“Please, sir, couldn’t we have a uniform for the Brigade?”

“A uniform?” Mr. Downing pondered.

“Red, with green stripes, sir.”

Red, with a thin green stripe, was the Sedleigh colour.

“Shall I put it to the vote, sir?” asked Stone.

“One moment, Stone.”

“Those in favour of the motion move to the left, those against it to the right.”

A scuffling of feet, a slamming of desk-lids and an upset blackboard, and the meeting had divided.

Mr. Downing rapped irritably on his desk.

“Sit down!” he said, “sit down! I won’t have this noise and disturbance. Stone, sit down—Wilson, get back to your place.”

“Please, sir, the motion is carried by twenty-five votes to six.”

“Please, sir, may I go and get measured this evening?”

“Please, sir——”

“Si-lence! The idea of a uniform is, of course, out of the question.”

“Oo-o-oo-oo, sir-r-r!”

“Be quiet! Entirely out of the question. We cannot plunge into needless expense. Stone, listen to me. I cannot have this noise and disturbance! Another time when a point arises it must be settled by a show of hands. Well, Wilson?”

“Please, sir, may we have helmets?”

“Very useful as a protection against falling timbers, sir,” said Robinson.

“I don’t think my people would be pleased, sir, if they knew I was going out to fires without a helmet,” said Stone.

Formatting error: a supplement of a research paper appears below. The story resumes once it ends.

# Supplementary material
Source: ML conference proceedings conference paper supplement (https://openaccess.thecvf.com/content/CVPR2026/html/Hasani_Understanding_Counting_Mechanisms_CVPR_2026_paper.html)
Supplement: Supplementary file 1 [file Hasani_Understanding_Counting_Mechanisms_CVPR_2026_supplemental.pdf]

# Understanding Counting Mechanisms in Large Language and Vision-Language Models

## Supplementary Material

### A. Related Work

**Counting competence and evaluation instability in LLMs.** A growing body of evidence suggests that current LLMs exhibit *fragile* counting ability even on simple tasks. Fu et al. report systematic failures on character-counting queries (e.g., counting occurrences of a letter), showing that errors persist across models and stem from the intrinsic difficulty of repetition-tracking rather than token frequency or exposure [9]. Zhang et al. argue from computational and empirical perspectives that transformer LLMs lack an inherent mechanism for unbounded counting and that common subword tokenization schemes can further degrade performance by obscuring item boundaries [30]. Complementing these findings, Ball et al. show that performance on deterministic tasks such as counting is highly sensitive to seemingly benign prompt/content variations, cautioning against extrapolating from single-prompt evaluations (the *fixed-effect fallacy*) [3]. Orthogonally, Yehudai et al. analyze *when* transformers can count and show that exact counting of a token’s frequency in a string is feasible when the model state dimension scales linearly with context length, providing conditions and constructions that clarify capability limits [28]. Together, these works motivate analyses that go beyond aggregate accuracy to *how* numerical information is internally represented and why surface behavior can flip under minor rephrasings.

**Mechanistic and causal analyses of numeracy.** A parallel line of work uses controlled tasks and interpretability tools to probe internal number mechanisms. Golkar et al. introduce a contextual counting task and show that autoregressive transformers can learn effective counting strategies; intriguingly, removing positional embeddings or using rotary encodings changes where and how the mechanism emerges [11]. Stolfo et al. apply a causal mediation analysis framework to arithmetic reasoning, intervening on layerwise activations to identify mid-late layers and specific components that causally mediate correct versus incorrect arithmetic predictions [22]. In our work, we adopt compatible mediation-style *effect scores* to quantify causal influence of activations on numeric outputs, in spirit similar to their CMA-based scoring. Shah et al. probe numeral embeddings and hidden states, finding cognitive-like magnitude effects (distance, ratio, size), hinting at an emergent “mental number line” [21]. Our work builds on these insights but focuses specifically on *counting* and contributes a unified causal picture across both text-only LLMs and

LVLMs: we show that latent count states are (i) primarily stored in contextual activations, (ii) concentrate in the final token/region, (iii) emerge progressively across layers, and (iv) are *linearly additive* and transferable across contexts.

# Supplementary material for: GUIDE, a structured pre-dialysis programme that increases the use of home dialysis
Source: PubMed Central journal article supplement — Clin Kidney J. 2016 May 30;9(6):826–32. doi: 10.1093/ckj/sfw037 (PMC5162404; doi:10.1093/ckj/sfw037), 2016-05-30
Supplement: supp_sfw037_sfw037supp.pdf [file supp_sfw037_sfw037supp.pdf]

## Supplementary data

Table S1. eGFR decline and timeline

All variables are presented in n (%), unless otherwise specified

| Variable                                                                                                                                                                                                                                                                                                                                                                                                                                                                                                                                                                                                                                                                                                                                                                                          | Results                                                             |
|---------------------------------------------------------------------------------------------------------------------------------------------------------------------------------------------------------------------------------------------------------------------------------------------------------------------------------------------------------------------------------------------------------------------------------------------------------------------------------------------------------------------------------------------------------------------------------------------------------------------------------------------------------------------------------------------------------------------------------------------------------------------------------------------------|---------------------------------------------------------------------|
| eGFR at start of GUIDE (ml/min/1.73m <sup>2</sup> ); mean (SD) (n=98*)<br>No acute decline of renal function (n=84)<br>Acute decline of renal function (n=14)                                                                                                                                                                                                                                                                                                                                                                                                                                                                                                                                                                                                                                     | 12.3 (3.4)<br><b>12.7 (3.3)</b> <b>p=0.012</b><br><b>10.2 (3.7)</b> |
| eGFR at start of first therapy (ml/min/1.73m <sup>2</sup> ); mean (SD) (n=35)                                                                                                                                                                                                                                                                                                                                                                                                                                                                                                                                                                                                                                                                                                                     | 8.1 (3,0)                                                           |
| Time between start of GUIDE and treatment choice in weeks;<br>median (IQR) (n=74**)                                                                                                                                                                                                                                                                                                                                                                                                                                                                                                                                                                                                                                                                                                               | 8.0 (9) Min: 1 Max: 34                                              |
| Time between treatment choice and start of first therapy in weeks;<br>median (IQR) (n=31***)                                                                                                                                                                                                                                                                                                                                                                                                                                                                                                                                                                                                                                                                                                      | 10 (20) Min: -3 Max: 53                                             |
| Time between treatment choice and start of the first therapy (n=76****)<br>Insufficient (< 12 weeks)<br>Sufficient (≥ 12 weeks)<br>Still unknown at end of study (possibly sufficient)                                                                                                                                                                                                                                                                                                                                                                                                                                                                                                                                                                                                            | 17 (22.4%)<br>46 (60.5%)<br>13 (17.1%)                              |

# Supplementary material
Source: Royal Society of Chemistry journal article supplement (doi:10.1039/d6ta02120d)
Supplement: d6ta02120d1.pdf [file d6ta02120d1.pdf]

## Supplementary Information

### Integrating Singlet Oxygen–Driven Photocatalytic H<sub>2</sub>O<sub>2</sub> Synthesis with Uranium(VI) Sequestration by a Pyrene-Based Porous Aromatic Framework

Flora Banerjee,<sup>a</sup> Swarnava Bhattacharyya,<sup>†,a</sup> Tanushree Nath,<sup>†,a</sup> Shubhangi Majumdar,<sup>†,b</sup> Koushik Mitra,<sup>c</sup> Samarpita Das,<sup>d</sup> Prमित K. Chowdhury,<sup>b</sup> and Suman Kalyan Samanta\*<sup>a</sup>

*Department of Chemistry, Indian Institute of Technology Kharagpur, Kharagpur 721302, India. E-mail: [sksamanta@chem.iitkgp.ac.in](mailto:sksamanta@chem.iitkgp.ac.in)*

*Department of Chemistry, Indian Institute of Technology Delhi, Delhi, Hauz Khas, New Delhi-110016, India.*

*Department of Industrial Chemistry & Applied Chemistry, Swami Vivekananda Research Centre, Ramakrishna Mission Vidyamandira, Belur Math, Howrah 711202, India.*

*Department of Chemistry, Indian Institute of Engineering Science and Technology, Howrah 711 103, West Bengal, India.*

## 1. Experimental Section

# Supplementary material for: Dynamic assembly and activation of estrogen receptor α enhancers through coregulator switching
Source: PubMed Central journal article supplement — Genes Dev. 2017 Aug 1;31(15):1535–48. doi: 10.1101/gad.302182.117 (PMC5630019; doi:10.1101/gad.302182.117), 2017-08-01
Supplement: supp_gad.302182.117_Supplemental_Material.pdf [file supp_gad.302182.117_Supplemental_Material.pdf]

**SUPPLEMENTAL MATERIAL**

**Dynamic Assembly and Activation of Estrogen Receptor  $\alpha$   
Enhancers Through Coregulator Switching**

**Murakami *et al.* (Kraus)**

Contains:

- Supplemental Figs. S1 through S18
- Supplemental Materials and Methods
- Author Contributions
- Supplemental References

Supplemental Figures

The whole strength of the company: “Please, sir, may we have helmets?”

“Those in favour——” began Stone.

Mr. Downing banged on his desk. “Silence! Silence!! Silence!!! Helmets are, of course, perfectly preposterous.”

“Oo-oo-oo-oo, sir-r-r!”

“But, sir, the danger!”

“Please, sir, the falling timbers!”

The Fire Brigade had been in action once and once only in the memory of man, and that time it was a haystack which had burnt itself out just as the rescuers had succeeded in fastening the hose to the hydrant.


“Then, please, sir, couldn’t we have an honour cap? It wouldn’t be expensive, and it would be just as good as a helmet for all the timbers that are likely to fall on our heads.”

Mr. Downing smiled a wry smile.

“Our Wilson is facetious,” he remarked frostily.

“Sir, no, sir! I wasn’t facetious! Or couldn’t we have footer-tops, like the first fifteen have? They——”